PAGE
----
Diabetes in Plainview, NY

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WHAT IS Diabetes?

An estimated 1.5 million adults in the U.S. are diagnosed with diabetes every year. Countless more are living with the disease, but don’t know it. Diabetes often causes no symptoms until serious health problems start to appear. At your regular wellness exam with Primary Medical Associates of Long Island, PLLC, Natalia Levinskaya, D.O. and Vanessa Ali-Pennock, D.O. screen for diabetes and many other conditions to catch them early when they’re easier to treat or manage.

To schedule a thorough health and wellness assessment, call or click today.

Diabetes FAQ

Can I manage diabetes without medication?

In some cases, lifestyle changes like a healthy diet and regular exercise can help manage diabetes without medication. However, many individuals require medication or insulin therapy for effective control.

What happens if diabetes is left untreated?

Untreated diabetes can lead to serious complications such as heart disease, kidney damage, vision problems, and nerve damage. It can also result in life-threatening conditions like diabetic ketoacidosis.

Does diabetes get harder to manage over time?

Diabetes management may become more challenging over time due to factors like aging, lifestyle changes, and the progressive nature of the disease. Regular monitoring, medication adjustments, and lifestyle modifications can help maintain control.

What is diabetes?

Diabetes is a chronic health condition in which your blood glucose, or blood sugar, levels are too high. You get glucose from the foods you eat. Insulin is the hormone that transfers glucose to your cells, giving them energy.

When your body doesn’t make enough insulin or use insulin efficiently, you can develop diabetes. There are two types of diabetes.

  • Type 1 diabetes: People with type 1 diabetes don’t produce enough insulin. There is no cure for type 1 diabetes, but can be effectively managed by taking insulin with injections, pumps, or syringes.
  • Type 2 diabetes: Type 2 diabetes is the most common form of the disease. People with type 2 diabetes don’t make or use insulin well, causing too much glucose to remain in the blood. Type 2 diabetes symptoms can be managed with a healthy lifestyle and medication.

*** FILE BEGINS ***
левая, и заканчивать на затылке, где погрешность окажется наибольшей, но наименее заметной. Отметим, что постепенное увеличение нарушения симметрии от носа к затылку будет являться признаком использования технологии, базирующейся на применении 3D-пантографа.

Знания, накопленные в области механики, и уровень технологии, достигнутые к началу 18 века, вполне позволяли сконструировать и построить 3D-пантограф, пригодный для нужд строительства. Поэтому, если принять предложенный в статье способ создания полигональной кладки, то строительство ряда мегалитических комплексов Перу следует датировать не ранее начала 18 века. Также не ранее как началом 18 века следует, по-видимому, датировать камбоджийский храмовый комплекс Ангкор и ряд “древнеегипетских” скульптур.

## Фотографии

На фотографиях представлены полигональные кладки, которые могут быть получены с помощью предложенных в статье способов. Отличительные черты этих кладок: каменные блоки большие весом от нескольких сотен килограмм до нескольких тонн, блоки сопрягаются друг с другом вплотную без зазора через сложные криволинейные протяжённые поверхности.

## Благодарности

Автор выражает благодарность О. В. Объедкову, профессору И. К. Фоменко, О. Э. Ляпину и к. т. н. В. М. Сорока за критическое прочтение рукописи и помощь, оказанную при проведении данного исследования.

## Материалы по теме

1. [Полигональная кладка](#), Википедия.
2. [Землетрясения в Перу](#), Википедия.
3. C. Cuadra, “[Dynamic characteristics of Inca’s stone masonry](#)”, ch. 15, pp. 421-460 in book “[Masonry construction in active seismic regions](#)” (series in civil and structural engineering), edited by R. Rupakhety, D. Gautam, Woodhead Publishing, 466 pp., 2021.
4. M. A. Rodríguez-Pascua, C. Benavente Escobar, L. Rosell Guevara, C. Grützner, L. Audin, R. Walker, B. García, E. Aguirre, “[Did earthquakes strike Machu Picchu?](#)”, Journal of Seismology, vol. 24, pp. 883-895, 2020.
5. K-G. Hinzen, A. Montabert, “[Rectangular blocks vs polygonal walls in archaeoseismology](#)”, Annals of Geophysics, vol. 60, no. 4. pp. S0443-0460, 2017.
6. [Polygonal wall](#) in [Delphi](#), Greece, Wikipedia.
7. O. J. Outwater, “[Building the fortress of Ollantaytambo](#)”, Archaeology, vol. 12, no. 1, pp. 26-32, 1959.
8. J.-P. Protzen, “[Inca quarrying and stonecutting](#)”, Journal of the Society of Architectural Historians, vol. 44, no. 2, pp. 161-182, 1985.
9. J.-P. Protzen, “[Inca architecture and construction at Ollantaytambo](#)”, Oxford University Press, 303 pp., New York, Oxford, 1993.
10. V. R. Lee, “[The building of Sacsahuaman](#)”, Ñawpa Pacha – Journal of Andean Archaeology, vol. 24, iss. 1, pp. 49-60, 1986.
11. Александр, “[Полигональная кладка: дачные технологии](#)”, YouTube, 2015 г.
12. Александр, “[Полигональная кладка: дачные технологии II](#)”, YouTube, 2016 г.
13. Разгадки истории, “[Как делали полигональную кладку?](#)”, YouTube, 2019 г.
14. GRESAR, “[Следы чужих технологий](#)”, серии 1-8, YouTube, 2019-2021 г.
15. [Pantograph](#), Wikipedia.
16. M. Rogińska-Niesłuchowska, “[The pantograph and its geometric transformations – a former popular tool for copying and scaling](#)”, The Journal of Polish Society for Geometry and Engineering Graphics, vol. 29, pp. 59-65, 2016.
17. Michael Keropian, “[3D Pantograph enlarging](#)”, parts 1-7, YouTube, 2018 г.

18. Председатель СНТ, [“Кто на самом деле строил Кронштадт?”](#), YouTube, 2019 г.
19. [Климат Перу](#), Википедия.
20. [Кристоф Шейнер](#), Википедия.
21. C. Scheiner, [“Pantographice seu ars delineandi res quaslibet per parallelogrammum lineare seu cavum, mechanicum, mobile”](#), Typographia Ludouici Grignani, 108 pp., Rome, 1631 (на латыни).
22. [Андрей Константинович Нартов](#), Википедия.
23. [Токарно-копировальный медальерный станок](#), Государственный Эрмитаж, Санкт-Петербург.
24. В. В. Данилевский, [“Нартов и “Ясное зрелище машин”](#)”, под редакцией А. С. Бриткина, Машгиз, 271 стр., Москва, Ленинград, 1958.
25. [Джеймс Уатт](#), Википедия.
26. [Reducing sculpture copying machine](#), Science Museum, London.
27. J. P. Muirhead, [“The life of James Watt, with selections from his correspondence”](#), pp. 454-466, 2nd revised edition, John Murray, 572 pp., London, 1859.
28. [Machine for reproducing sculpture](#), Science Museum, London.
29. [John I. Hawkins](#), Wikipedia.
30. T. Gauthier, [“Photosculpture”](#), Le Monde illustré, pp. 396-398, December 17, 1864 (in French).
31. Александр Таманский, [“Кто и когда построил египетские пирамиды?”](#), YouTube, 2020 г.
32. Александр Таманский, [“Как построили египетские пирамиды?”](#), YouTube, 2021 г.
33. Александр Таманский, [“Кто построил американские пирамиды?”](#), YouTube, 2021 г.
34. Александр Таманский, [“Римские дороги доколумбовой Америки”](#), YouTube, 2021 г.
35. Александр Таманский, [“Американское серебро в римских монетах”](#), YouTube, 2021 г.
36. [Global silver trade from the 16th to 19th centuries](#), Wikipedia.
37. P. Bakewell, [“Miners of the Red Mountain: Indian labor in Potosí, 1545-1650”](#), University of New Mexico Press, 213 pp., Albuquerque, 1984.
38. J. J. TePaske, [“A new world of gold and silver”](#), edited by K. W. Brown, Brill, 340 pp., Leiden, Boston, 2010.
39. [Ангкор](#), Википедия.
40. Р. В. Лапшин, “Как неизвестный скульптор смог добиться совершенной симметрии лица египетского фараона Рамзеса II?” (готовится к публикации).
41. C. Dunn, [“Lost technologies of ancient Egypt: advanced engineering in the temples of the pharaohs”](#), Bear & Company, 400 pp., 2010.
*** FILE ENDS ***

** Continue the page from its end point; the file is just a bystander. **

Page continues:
What are the risk factors for diabetes?

Other than a family history of diabetes, type 1 diabetes has no real risk factors. Type 2 diabetes has more obvious risk factors, including:

  • Age: men and women 45 or older more likely to develop diabetes
  • Excess weight: additional pounds stress the body’s insulin response
  • Inactivity: lack of physical activity increases the risk of diabetes
  • Family history: including a parent or sibling with the disease
  • Polycystic Ovary Syndrome: a condition in women causing increased glucose levels
  • Prediabetes: blood sugar levels that are slightly higher than normal

How is diabetes treated?

Many people go undiagnosed because they don’t have symptoms. For others, symptoms of diabetes include:

  • Frequent urination
  • Increased hunger and thirst
  • Losing weight without trying
  • Persistent fatigue
  • Slow-healing sores

After your diagnosis, your doctor creates a personalized treatment plan to manage the conditions and prevent serious diabetes-related health complications.

Diabetes treatment involves one or more of the following steps:

  • Lifestyle changes: regular physical activity and healthy food choices to help regulate blood sugar levels
  • Medication: prescriptions drugs to increase insulin production and improve your body’s response to it
  • Blood sugar monitoring: checking and recording your blood sugar levels throughout the day
  • Insulin therapy: insulin taken through a syringe, pen, pump on an ongoing basis

Dr. Levinskaya and Dr. Ali-Pennock want you to know that diabetes is manageable with a healthy lifestyle and proactive healthcare.

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*Individual results are not guaranteed and may vary from person to person. Images may contain models.